Available Technologies. Where waters have low tidal flushing rates, applicable treatment
to prevent or minimize accelerated or cultural eutrophication may be required for
regulated nonpoint source activities.

Dissolved Oxygen

CLASS SA - Not less than 6.0 mg/l at any place or time, except as naturally occurs.
Normal seasonal and diurnal variations which result in insitu concentrations above 6.0
mg/l not associated with cultural eutrophication will be maintained in accordance with
the Antidegradation Implementation Policy.

CLASS SB AND SB1 - Not less than 5 mg/l at any place or time, except as naturally
occurs. Normal seasonal and diurnal variations which result in insitu concentrations
above 5.0 mg/l not associated with cultural eutrophication will be maintained in
accordance with the Antidegradation Implementation Policy.

Recent EPA Dissolved Oxygen Criteria

DEM has drafted modifications to the RI Water Quality Regulations that include the most
recent EPA guidelines for dissolved oxygen in salt water bodies. DEM accepted
comments on the proposed regulation amendments until January 14, 2005 and is
currently reviewing comments received. Below is a summary of the proposed dissolved
oxygen criteria.

Aquatic life uses are considered to be protected if conditions do not fail to meet
protective thresholds, as described below, more than once every three years. DO criteria
presented here shall be protective of the most sensitive life stage – survival effects on
larvae which affects larval recruitment – for both persistent and cyclic conditions. This
criteria evaluates effects of exposure to low DO over time on larval recruitment. Because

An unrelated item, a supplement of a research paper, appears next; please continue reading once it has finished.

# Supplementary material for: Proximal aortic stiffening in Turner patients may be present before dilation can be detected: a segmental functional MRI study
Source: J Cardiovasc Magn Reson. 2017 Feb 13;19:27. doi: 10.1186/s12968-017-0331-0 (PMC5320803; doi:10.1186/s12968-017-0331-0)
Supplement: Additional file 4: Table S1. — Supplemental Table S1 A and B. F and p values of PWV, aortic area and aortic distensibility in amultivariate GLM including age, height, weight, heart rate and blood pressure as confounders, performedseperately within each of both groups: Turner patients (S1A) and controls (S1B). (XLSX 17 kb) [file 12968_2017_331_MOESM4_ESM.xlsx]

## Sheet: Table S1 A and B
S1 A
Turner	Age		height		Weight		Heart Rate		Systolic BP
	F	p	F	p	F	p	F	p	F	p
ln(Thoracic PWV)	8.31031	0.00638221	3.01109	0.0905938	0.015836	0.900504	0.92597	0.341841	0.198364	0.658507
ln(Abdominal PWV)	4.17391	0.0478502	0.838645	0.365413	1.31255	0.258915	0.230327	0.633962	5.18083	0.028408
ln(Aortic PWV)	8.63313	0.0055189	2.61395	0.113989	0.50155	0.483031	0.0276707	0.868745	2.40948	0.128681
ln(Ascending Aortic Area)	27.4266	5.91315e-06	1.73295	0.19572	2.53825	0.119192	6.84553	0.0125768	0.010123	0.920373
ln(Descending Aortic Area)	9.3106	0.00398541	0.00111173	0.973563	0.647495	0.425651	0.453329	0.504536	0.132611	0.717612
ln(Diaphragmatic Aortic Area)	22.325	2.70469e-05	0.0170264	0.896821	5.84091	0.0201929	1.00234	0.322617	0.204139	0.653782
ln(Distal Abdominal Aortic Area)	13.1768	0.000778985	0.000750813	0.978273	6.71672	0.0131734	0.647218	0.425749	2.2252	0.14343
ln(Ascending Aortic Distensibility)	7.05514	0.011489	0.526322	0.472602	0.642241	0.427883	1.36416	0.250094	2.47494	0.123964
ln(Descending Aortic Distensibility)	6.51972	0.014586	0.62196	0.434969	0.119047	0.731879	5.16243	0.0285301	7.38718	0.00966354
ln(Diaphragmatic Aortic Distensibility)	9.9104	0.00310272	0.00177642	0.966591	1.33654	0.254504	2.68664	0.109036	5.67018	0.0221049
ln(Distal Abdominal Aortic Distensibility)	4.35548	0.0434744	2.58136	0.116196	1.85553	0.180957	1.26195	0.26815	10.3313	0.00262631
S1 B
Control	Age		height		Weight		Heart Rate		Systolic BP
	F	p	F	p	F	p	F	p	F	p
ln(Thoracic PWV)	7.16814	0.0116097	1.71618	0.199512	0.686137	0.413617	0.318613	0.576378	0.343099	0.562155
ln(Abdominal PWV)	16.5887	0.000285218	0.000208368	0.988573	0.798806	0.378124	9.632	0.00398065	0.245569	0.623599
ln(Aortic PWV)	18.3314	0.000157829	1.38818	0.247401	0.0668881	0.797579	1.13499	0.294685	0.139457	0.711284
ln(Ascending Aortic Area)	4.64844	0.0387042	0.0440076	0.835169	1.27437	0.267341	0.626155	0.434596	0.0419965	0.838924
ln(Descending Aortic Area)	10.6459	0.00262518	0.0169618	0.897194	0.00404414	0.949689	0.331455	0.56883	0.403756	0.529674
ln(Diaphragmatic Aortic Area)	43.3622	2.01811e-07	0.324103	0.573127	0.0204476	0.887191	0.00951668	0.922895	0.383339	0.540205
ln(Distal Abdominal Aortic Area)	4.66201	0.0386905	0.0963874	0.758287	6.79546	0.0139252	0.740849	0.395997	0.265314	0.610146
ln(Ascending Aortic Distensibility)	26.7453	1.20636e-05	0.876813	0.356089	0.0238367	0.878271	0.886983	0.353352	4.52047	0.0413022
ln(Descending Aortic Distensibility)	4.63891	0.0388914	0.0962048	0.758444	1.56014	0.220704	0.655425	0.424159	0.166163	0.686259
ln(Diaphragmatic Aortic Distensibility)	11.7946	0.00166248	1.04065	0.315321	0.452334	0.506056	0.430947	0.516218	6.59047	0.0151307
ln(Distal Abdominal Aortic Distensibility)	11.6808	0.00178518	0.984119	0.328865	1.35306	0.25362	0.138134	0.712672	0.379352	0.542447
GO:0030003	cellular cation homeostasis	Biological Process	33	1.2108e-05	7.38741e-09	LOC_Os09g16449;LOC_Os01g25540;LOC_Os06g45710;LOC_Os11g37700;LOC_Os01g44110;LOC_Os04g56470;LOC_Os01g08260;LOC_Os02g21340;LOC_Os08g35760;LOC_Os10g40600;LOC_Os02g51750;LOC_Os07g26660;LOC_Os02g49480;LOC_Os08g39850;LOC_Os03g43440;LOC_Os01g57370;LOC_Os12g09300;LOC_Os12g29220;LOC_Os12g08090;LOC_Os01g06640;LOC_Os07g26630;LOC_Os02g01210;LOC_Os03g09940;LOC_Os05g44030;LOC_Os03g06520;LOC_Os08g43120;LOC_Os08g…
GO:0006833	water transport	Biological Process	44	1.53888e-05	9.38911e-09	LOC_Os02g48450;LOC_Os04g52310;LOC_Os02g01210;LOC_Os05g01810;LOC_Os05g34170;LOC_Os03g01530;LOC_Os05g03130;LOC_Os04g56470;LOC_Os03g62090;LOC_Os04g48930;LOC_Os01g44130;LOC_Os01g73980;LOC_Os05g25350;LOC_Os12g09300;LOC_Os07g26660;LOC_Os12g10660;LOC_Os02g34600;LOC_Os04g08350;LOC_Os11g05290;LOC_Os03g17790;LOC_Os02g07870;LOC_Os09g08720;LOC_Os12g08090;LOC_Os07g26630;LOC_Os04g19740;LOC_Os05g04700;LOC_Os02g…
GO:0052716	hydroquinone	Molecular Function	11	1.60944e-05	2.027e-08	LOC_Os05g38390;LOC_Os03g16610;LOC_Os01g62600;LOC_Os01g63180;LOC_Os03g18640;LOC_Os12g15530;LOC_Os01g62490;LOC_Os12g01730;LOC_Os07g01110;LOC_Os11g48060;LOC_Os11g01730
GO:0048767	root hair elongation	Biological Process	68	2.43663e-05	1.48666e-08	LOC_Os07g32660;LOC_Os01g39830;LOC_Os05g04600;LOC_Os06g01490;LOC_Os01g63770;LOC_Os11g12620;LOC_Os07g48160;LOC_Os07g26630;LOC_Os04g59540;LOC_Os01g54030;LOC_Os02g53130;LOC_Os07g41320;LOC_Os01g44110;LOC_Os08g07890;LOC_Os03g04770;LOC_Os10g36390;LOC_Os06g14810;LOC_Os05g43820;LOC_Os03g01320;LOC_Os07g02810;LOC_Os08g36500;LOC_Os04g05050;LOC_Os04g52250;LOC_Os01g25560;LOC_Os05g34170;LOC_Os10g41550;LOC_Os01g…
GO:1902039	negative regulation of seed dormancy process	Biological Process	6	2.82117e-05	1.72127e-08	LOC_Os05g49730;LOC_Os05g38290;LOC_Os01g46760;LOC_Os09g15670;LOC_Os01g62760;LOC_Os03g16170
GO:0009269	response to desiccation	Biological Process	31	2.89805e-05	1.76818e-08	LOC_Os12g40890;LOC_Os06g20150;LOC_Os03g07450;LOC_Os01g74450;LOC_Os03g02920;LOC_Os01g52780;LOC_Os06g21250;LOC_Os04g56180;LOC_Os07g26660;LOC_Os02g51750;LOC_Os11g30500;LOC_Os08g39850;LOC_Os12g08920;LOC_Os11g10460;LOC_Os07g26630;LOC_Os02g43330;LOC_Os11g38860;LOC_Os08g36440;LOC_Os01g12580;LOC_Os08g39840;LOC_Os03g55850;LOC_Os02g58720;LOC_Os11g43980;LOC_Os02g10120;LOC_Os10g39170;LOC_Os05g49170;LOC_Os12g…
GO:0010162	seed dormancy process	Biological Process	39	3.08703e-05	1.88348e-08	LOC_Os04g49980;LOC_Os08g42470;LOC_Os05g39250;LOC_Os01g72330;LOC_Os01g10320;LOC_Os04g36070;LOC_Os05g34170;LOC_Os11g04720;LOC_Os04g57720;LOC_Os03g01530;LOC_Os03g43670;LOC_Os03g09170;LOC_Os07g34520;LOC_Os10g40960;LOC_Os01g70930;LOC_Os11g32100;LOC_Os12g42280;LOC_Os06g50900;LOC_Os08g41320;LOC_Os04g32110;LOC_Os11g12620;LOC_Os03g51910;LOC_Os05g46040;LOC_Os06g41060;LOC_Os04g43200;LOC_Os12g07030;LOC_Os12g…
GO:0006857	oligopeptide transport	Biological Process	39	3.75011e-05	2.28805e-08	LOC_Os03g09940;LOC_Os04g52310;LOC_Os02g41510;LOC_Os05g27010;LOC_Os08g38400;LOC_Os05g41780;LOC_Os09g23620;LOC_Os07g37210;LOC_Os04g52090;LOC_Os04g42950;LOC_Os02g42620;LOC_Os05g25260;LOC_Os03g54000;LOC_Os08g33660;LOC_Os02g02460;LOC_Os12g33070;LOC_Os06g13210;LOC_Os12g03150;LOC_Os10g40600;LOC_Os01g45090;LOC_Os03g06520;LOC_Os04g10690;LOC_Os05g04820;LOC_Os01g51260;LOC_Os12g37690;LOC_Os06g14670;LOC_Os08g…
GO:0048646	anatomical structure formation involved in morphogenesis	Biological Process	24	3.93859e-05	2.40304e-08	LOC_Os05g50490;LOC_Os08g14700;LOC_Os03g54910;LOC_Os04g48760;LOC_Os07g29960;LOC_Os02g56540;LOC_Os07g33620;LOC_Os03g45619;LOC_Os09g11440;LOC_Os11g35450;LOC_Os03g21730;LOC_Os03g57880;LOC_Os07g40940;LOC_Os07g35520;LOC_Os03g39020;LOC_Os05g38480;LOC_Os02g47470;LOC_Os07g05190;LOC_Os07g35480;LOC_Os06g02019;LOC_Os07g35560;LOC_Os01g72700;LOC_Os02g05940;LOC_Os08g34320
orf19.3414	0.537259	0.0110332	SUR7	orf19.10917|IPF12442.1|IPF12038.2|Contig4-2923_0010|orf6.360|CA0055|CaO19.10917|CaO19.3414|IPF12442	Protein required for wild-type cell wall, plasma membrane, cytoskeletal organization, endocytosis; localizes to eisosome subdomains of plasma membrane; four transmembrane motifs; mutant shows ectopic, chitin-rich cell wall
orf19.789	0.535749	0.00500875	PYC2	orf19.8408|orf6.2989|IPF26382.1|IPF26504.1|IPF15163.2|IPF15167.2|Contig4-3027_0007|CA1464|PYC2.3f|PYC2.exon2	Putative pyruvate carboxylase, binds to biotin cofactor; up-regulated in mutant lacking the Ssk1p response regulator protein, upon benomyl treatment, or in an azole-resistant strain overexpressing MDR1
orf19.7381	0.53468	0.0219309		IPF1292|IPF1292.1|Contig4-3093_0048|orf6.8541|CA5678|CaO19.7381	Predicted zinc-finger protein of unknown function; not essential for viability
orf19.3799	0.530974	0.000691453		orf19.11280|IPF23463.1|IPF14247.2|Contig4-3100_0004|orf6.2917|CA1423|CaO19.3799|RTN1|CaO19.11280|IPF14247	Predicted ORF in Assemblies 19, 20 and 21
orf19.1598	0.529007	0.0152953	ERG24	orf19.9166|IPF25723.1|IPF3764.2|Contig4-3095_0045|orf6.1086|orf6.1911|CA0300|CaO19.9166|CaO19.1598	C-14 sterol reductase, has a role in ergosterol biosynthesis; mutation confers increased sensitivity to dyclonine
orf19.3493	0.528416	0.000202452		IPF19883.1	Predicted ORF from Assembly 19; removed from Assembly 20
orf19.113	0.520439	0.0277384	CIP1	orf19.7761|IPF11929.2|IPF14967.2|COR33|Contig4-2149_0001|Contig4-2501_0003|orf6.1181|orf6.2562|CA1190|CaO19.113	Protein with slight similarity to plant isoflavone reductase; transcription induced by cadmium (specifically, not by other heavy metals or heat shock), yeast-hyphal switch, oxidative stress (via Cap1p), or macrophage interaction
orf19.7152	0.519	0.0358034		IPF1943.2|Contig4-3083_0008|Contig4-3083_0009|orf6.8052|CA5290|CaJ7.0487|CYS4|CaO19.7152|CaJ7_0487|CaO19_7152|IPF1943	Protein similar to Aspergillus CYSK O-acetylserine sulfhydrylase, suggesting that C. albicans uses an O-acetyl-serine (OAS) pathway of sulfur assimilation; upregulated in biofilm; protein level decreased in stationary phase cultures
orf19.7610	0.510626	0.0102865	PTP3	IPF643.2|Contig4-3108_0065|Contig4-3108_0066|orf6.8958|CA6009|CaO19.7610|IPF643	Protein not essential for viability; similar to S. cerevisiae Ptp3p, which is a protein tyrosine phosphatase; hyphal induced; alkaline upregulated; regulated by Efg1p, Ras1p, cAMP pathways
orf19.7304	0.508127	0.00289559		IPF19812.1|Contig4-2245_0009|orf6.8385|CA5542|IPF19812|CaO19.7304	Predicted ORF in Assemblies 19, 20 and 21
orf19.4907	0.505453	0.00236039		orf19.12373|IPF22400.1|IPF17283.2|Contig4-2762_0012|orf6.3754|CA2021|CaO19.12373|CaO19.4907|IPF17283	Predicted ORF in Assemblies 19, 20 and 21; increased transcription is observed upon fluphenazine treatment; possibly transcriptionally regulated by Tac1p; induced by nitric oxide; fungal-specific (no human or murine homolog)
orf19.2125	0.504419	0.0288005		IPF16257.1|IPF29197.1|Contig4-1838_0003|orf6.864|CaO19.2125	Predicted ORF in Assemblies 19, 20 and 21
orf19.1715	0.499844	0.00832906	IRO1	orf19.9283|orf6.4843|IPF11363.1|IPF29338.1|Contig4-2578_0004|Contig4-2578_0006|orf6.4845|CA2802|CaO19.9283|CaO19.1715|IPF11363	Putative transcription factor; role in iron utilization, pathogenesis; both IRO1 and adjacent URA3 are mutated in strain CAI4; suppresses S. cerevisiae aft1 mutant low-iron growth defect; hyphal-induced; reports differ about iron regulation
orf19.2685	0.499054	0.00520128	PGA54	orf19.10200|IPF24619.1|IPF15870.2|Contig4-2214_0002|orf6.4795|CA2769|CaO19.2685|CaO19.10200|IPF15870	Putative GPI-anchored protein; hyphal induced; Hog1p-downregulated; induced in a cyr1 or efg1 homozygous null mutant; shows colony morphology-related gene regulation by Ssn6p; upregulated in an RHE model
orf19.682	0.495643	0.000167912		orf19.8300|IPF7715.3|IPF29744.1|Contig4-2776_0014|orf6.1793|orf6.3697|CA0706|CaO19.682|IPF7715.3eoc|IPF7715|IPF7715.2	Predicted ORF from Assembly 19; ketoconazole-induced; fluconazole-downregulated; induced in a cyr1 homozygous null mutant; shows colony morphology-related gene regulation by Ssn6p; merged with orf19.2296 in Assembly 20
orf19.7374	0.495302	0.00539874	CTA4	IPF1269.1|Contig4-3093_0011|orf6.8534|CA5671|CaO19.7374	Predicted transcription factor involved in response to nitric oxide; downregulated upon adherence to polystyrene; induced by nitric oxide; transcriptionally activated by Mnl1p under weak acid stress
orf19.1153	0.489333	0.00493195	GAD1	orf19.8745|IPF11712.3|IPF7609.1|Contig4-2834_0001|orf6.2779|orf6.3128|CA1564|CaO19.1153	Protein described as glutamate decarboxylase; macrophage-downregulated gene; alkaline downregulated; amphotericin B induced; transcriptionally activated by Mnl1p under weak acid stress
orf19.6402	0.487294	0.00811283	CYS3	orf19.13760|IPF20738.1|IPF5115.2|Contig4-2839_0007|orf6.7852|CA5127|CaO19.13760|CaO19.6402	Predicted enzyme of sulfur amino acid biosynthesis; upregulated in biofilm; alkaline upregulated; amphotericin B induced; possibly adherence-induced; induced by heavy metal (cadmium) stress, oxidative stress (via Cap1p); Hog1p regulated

larval recruitment occurs over the whole season, the low DO exposure effects are
cumulative. Exposures are evaluated on a daily basis to determine the total seasonal
exposure. The criteria to protect larval survival is established to limit the number of
exposure days over the range of low DO conditions such that the cumulative percentage
of larvae affected shall not exceed a 5% reduction in larval recruitment over the season.
Protection of larval survival will also afford adequate protection of juvenile and adult life
stages.

Waters with a DO concentration above an instantaneous value of 4.8 mg/l shall be
considered protective of Aquatic Life Uses. When instantaneous DO values fall below
4.8 mg/l, the waters shall not be:

                                             14
1.   Less than 2.9 mg/l for more than 24 consecutive hours during the
     recruitment season; nor
2.   Less than 1.4 mg/l for more than 1 hour more than twice during the
     recruitment season; nor
3.   Shall they exceed the cumulative DO exposure presented in Table 3.A of
     the proposed criteria document.




                                15
                               Appendix B

Schedule for Completing Water Quality Restoration Plans to Address Nutrient
                                Impacts

 WB Type                  Waterbody Name                Target End Date
   E        Apponaug Cove                                    2005
   E        Brushneck Cove                                   2005
   E        Buttonwoods Cove                                 2005